Next up: In celebration of Hispanic Heritage Month (Sept. 15 – Oct. 15), the September 18 Las Vegas Literary Salon will feature two of the writers who will be published in Tapestry: Tales, Essays, Poems. Ray John de Aragon and Sylvia Ramos Cruz will talk about their work, the craft of writing and their writing journeys. Read more here and register to attend. The event begins a 2 p.m. on Zoom.
NOTE: If you are interested in being on the Las Vegas Literary Salon planning team, contact firstname.lastname@example.org. We’re also interested in guest posts from writers about their writing journeys, the craft of writing, book reviews in any genre, posts about reading. If you have a guest post idea, let us know.
Coming in October: Las Vegas Poet Laureate Kayt Peck will be our featured author at an event full of surprises, which may include hot cider and spooky treats! Hopefully by then in person gatherings will be possible. Stay tuned. Either way, Kayt will be talking writing and poetry and publishing.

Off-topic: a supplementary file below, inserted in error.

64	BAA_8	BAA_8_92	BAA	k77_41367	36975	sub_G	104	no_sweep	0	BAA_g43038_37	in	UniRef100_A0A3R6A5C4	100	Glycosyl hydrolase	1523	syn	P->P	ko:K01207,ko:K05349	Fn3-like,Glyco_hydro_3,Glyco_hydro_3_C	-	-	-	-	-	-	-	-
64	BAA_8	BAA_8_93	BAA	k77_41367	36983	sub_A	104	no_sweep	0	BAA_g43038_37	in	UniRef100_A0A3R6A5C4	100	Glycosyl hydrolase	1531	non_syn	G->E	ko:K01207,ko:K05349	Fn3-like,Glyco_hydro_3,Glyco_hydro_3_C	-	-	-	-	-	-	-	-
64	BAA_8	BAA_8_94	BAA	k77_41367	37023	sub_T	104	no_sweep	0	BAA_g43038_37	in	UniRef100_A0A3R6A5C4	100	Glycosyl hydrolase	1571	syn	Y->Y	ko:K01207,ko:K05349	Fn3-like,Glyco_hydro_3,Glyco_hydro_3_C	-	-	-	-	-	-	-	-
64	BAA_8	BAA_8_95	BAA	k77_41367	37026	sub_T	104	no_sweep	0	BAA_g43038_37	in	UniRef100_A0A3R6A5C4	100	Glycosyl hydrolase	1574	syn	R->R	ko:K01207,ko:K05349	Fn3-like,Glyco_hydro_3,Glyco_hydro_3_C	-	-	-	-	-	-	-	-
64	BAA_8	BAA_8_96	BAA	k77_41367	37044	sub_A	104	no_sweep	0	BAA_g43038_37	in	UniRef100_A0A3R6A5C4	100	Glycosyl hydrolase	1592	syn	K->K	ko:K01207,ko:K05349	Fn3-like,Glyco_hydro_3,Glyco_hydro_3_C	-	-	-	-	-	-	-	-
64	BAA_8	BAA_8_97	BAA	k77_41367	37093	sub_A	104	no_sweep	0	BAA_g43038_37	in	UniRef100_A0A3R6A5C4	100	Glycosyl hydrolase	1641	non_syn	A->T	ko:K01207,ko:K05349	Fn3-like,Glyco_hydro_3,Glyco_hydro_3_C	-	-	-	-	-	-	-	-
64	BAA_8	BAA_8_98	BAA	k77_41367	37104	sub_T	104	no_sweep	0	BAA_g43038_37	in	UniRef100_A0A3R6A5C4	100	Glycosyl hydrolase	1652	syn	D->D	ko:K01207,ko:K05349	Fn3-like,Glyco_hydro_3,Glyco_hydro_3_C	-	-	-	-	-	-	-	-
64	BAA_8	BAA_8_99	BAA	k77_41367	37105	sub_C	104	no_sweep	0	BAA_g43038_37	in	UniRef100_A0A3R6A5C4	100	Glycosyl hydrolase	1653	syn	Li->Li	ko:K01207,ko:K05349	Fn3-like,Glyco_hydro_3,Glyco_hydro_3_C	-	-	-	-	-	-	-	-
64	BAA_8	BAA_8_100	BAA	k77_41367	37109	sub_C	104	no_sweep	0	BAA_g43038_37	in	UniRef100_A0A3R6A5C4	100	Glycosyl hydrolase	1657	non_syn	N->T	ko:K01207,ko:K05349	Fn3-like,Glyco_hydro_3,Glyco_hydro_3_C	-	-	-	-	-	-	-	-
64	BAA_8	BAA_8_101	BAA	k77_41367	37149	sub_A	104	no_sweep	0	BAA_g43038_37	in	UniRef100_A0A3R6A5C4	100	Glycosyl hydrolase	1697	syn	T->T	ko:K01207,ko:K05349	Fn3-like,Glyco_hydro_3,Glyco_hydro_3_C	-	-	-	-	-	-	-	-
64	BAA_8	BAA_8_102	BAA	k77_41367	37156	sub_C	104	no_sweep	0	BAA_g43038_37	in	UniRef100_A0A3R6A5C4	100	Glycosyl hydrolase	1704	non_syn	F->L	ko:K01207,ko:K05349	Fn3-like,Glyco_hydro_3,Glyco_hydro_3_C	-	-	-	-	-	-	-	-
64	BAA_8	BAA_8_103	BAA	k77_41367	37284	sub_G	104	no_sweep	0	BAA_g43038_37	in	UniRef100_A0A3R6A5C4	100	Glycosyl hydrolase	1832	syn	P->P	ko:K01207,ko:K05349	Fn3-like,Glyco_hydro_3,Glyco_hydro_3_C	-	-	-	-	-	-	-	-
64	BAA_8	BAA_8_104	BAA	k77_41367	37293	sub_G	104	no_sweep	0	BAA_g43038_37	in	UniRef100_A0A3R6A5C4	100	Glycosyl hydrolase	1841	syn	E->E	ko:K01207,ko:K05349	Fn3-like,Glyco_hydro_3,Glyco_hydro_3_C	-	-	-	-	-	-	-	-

The Las Vegas Literary Salon (LVLS) announces the appearance of Deborah Blanche as Nina Otero-Warren in a Chautauqua program, Aug. 22, 4 p.m., via Zoom. This presentation is free, but registration is required. To register, sign up below to receive the Zoom link.
“Perhaps La Nina, Adelina Otero-Warren, is best remembered for her influential role in securing the passage of the women’s suffrage amendment by the New Mexico legislature,” says Blanche, a veteran Chautauquan who researched and wrote the narrative in addition to portraying Otero-Warren. The first Latina to run for the United States Congress, La Nina will soon be featured on a US coin in the American Women Quarters Program beginning in 2022.
Born in 1881 into two of the most influential and prosperous families of the Rio Abajo – the Baca-Lunas and the Chavez-Oteros, La Nina was educated in both Spanish and English receiving secondary and college training in St. Louis. Throughout her life she was an active figure in the politics, social work, education, and the society of New Mexico’s capitol city. Her literary accomplishments, captured in her book, Old Spain in Our Southwest, focus on family memories as well as ranch and hacienda life in early New Mexico Territory.